Sun, Sept. 22

Editorial: Mingus badge issue a clash between earned-privilege vs. entitlement

Some clarity is in order to shine the clearest light possible on the American Civil Liberties Union of Arizona challenge to Mingus Union High School’s badge identification policy.

While the ACLU’s alleged injustices references “students” plural, this complaint deals with only one student.

The ACLU’s repeated references to this student being singled out and given a “scarlet” badge is an over-dramatization of the simple reality that Mingus student ID badges are red and gray based on school colors.

The ACLU also claims the red-badge designation is a proclamation the student has academic shortcomings. It takes for granted that a student who has attended Mingus for three years should be classified as a junior. The reality is that a true junior is a student who has earned at least 12 credits toward graduation.

Red badges are given to students who are classified as freshmen and sophomores based on the number of credits they have earned toward graduation. Likewise, gray badges are given to students who have earned the required number of credits to be classified as upperclassmen.

Emphasis needs to be placed on the word “earned” here. Gray badges are not an entitlement at Mingus just because you’ve been going to school there for three or more years. Gray badges allow legitimate upperclassmen to leave campus during the school lunch hour, a privilege they have earned.

As a point of comparison, this red-gray student badge issue parallels many other policies at Mingus for which the emphasis is on academic achievement and the principle that privilege is earned.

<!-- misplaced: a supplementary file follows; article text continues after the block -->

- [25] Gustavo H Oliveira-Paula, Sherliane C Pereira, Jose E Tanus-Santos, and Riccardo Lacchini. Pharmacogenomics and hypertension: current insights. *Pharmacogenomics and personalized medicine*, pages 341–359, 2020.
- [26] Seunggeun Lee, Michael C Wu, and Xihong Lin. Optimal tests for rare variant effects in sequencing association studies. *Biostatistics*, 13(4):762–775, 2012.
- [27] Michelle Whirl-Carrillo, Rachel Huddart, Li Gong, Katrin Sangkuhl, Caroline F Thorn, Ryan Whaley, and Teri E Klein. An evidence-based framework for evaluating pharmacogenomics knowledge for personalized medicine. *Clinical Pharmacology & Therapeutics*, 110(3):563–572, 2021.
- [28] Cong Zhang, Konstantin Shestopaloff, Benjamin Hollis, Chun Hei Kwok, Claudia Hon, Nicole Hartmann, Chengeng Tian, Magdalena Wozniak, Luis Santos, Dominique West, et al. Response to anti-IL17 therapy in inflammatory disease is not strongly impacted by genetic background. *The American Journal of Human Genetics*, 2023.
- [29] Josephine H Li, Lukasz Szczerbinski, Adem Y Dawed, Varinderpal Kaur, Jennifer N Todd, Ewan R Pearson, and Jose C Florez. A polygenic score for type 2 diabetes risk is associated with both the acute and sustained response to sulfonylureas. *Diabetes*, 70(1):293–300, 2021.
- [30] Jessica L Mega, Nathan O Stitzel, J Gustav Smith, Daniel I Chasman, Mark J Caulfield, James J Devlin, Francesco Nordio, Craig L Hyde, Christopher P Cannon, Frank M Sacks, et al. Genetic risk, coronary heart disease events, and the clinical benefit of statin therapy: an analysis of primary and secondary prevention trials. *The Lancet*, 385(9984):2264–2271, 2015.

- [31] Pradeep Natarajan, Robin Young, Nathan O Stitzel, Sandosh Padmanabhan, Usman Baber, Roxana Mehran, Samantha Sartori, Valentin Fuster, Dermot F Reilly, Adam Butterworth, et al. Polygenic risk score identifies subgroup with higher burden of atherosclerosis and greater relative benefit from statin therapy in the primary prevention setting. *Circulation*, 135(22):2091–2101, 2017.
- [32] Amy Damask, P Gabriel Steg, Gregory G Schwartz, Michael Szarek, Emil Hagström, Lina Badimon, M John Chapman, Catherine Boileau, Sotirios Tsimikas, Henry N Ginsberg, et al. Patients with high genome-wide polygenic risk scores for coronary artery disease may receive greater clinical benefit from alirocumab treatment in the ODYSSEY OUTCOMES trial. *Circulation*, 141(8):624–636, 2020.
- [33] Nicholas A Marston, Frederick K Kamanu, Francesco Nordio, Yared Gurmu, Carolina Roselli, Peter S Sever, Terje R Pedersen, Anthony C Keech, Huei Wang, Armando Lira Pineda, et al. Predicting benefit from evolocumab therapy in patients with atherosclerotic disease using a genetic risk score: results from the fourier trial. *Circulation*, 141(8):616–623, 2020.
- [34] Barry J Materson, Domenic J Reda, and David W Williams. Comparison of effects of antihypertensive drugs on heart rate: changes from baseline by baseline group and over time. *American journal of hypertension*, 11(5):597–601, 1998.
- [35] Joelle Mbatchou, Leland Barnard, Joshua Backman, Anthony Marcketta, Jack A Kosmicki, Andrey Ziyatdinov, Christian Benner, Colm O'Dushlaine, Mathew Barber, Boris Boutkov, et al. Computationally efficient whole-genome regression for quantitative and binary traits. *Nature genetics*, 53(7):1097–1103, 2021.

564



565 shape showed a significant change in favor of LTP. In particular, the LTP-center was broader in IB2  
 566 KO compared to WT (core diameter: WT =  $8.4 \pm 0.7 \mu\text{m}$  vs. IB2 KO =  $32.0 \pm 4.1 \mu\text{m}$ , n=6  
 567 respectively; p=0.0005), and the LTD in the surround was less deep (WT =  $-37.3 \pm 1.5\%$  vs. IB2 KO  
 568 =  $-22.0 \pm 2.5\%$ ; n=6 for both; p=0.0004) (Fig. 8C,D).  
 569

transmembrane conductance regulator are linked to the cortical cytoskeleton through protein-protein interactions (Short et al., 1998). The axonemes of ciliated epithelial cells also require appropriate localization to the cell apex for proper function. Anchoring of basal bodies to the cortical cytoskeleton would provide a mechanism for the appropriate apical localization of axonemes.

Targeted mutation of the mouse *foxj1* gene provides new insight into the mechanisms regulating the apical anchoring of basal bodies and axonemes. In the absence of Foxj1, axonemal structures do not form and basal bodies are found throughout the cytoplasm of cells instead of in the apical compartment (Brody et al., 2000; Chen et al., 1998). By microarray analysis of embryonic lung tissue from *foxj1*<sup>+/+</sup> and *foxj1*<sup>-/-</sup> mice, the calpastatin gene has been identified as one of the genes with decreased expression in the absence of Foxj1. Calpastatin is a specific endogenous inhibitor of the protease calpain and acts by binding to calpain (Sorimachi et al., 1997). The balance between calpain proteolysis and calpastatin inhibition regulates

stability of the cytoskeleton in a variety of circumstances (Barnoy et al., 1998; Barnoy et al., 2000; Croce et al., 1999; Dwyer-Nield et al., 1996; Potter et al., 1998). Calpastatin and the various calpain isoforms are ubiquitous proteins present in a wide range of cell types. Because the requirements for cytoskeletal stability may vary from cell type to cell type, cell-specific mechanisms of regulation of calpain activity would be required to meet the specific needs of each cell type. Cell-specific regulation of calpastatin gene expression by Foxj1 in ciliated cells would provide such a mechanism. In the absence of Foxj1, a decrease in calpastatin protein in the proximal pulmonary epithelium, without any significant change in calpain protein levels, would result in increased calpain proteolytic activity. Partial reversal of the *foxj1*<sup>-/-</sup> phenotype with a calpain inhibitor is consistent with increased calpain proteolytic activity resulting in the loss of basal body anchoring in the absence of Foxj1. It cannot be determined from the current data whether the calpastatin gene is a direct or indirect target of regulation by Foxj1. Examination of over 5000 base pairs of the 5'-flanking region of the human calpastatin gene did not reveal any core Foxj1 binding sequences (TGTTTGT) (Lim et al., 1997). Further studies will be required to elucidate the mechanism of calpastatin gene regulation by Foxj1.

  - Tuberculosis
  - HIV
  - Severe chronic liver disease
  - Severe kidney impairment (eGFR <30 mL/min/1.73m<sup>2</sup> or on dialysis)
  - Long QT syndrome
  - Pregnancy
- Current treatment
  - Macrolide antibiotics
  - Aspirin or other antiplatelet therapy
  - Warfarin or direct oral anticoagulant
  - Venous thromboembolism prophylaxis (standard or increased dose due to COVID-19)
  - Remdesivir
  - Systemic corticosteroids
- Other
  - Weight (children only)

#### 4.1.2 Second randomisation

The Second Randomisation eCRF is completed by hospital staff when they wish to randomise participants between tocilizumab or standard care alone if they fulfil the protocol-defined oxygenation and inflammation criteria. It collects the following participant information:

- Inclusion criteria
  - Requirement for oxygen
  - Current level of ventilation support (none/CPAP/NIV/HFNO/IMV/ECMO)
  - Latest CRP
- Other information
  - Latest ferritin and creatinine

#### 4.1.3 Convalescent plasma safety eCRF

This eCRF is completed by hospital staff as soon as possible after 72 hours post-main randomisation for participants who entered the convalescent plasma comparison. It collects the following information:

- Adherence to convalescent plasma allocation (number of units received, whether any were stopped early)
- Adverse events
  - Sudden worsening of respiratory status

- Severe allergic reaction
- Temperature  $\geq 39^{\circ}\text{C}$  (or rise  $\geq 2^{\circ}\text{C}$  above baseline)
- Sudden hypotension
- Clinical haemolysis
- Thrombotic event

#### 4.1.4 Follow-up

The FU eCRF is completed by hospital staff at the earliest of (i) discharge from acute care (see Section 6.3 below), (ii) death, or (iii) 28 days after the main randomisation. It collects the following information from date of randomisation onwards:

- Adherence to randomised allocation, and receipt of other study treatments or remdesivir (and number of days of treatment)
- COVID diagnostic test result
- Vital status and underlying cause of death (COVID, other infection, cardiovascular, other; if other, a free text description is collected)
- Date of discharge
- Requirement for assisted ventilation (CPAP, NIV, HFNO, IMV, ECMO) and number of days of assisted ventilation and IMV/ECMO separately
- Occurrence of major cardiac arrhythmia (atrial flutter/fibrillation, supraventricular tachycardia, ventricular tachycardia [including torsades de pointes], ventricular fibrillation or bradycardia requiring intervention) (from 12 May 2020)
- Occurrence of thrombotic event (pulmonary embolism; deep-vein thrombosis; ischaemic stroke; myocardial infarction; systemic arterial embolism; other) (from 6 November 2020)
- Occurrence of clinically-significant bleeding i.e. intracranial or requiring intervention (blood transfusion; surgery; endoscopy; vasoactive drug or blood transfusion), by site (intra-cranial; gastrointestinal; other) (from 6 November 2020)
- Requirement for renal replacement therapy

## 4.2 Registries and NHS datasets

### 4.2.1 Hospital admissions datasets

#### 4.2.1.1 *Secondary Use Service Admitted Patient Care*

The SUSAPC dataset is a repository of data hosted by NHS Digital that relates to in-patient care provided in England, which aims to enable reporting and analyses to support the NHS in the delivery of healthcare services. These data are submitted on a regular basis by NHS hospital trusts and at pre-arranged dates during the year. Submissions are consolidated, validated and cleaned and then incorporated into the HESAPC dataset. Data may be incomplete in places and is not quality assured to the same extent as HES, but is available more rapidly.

Mingus athletes, for example, have their grades scrutinized on a weekly basis to determine if they are allowed to participate in games. Just like students with red badges who are not allowed to go off campus for lunch, Mingus athletes who are grade challenged lose the privilege of participating in games.

At Mingus, the same weekly grade-check rule that applies to athletes likewise applies to cheerleaders. If the grades are not up to standard, cheerleaders have to sit out a game, or games, just as the players do.

This philosophy at Mingus even trickles down to extra-curricular activities such as theater. MUHS Theater Director James Ball says students on school production cast lists face the same weekly grade-check scrutiny that athletes and cheerleaders do. For those young thespians whose academic progress is insufficient, they must attend the school’s Power Hour study hall four times a week before they are allowed to participate in rehearsals. Obviously, student actors who don’t rehearse are not going to find their way to the stage in front of an audience.

Such policies at Mingus are not designed to embarrass or humiliate students, as is claimed by the ACLU of Arizona.

Rather, they are part of a learning process that shows there are consequences, just as there are rewards, for the choices you make.

There is probably nothing else more important the folks at Mingus should be teaching their students.

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